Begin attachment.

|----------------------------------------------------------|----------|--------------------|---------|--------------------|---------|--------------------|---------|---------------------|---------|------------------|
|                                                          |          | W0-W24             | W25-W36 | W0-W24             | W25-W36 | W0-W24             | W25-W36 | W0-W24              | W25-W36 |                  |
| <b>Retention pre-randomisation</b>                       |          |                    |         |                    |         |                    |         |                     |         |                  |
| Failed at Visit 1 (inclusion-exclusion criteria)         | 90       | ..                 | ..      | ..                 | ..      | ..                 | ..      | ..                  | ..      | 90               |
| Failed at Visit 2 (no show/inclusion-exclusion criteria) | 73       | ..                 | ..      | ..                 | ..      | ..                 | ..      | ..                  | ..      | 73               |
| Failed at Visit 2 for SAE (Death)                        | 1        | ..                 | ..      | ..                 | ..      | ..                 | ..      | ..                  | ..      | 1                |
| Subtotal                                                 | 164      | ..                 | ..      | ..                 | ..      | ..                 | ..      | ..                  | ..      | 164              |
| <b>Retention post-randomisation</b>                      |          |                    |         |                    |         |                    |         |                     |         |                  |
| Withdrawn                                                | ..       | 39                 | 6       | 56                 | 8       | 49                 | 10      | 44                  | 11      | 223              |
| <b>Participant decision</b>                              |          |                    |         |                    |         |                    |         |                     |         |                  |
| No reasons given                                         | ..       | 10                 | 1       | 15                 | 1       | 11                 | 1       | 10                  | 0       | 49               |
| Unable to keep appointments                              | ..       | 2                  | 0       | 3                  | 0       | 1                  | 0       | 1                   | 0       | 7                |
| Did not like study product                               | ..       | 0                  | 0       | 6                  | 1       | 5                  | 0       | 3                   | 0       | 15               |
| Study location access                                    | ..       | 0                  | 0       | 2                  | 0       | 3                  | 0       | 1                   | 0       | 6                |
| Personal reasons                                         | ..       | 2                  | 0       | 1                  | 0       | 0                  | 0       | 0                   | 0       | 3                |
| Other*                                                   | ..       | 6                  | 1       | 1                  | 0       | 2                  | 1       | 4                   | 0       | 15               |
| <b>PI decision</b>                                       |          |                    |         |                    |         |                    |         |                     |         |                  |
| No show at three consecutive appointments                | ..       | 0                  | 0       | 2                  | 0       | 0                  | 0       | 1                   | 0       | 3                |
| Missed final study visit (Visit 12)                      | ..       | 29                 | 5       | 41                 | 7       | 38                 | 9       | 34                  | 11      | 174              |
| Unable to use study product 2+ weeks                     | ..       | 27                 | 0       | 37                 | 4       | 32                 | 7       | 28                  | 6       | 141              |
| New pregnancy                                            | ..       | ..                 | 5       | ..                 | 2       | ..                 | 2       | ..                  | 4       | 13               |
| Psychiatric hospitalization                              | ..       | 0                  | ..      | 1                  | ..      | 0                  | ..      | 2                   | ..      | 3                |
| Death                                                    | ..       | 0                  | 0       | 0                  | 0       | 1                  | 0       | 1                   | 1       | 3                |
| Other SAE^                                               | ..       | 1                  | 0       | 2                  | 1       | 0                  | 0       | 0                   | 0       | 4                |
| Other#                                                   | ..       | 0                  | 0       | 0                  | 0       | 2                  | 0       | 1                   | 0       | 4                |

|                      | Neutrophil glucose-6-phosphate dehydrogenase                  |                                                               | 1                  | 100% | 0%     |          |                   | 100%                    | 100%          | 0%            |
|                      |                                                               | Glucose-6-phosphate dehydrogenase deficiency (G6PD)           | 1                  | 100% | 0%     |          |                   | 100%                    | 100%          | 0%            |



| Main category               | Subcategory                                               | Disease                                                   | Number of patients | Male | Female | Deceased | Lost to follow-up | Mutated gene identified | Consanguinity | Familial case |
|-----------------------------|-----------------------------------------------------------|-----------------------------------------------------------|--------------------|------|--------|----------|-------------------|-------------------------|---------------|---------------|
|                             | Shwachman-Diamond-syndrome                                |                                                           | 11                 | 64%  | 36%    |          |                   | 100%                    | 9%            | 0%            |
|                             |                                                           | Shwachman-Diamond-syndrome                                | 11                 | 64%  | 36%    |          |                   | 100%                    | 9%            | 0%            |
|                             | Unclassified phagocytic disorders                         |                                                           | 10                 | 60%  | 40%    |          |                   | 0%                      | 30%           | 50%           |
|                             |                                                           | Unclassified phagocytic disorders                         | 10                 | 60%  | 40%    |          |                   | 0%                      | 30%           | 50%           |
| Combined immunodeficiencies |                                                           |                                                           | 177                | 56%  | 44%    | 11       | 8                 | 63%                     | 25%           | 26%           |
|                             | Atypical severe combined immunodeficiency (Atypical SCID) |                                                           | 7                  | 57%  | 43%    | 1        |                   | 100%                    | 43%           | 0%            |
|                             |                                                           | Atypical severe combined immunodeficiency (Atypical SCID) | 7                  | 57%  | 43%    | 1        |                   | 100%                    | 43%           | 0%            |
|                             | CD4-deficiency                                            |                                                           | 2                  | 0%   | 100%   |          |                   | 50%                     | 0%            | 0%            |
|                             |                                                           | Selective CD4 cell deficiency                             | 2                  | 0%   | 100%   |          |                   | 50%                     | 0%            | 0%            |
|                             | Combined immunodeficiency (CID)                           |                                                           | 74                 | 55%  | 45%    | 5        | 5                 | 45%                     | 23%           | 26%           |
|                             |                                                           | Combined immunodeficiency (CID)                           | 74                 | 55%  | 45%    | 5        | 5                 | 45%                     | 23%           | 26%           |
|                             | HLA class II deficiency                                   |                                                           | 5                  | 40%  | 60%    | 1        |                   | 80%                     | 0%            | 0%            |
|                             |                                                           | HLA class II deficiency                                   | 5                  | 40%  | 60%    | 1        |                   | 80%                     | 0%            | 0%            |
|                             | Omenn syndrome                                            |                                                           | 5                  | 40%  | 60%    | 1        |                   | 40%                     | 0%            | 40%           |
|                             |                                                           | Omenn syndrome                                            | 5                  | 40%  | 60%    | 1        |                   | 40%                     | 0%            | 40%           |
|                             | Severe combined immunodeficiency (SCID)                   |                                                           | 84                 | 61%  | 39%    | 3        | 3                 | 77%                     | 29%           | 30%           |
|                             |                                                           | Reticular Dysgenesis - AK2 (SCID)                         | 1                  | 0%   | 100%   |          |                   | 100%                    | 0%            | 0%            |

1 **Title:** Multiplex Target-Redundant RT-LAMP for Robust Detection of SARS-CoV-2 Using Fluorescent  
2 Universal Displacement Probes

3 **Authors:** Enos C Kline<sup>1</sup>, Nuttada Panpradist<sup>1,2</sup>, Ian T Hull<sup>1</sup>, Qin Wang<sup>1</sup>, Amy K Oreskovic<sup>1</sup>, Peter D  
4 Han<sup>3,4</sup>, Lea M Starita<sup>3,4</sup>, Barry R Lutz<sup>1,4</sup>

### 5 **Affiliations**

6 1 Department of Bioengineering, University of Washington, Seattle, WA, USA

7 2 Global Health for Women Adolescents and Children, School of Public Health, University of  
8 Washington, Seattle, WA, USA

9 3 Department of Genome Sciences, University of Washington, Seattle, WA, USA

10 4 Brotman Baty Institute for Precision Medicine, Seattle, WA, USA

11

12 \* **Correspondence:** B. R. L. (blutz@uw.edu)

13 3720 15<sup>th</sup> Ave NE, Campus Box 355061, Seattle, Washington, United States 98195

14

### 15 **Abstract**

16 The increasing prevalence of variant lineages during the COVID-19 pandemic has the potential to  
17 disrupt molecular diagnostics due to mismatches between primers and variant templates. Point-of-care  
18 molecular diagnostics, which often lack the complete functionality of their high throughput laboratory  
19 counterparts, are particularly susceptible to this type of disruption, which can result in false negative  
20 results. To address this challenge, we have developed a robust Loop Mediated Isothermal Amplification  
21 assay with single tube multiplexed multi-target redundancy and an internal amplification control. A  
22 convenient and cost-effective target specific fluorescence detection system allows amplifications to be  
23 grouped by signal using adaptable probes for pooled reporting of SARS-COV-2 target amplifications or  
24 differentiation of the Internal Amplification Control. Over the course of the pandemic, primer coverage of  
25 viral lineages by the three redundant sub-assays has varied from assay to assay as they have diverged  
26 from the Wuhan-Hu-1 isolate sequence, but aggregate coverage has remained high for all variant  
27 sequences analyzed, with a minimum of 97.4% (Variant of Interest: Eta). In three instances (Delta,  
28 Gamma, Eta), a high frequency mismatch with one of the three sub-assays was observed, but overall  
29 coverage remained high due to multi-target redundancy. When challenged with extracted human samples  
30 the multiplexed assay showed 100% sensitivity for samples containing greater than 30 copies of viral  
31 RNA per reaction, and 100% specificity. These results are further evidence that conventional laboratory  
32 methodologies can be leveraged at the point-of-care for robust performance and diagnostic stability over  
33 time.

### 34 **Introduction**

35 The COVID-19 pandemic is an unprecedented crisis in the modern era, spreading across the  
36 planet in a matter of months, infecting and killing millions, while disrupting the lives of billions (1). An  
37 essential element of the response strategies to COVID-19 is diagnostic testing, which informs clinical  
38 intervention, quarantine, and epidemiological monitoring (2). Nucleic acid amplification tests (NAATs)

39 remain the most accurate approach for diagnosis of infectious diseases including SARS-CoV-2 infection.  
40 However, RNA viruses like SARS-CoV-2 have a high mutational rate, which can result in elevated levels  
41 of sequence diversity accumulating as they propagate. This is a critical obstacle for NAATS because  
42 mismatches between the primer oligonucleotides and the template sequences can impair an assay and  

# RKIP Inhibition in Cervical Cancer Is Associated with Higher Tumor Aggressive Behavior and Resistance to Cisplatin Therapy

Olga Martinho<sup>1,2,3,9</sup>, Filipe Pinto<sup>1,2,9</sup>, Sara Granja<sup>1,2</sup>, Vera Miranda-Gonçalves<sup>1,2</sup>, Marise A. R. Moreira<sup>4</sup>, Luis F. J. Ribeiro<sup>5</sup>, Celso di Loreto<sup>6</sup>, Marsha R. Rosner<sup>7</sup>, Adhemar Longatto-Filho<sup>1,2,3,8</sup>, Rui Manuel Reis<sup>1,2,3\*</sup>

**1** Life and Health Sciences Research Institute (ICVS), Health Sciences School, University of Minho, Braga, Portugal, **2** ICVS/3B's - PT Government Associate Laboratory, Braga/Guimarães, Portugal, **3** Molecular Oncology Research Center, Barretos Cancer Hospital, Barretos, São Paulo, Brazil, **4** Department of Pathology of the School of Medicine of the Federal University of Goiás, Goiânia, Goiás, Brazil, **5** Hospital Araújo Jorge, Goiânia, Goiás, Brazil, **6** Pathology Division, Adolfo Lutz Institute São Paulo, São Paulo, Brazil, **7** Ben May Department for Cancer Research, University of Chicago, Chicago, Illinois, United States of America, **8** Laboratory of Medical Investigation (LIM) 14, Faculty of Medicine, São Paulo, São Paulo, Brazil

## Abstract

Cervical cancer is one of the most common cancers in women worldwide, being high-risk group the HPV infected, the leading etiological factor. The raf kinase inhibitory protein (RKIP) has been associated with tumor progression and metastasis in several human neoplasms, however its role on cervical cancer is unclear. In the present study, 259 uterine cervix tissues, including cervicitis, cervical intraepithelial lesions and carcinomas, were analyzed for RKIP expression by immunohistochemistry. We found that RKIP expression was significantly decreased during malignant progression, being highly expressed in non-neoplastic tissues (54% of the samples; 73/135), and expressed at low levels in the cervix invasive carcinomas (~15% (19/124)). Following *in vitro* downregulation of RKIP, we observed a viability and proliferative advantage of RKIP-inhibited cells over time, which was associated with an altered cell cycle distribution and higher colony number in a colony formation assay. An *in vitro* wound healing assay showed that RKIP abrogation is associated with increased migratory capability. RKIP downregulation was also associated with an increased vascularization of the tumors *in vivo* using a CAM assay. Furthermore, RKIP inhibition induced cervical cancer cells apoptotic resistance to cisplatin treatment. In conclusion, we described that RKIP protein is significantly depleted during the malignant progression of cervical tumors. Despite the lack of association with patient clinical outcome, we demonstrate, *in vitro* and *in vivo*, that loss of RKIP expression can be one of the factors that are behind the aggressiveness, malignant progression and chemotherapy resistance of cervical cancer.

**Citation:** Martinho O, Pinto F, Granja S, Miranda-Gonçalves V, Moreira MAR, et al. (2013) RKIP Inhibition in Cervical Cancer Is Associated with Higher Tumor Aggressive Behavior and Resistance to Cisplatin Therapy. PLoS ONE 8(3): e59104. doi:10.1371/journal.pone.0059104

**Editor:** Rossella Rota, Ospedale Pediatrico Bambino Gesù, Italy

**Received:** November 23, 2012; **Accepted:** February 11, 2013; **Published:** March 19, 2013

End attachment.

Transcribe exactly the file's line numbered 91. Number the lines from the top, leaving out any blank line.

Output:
**1** Life and Health Sciences Research Institute (ICVS), Health Sciences School, University of Minho, Braga, Portugal, **2** ICVS/3B's - PT Government Associate Laboratory, Braga/Guimarães, Portugal, **3** Molecular Oncology Research Center, Barretos Cancer Hospital, Barretos, São Paulo, Brazil, **4** Department of Pathology of the School of Medicine of the Federal University of Goiás, Goiânia, Goiás, Brazil, **5** Hospital Araújo Jorge, Goiânia, Goiás, Brazil, **6** Pathology Division, Adolfo Lutz Institute São Paulo, São Paulo, Brazil, **7** Ben May Department for Cancer Research, University of Chicago, Chicago, Illinois, United States of America, **8** Laboratory of Medical Investigation (LIM) 14, Faculty of Medicine, São Paulo, São Paulo, Brazil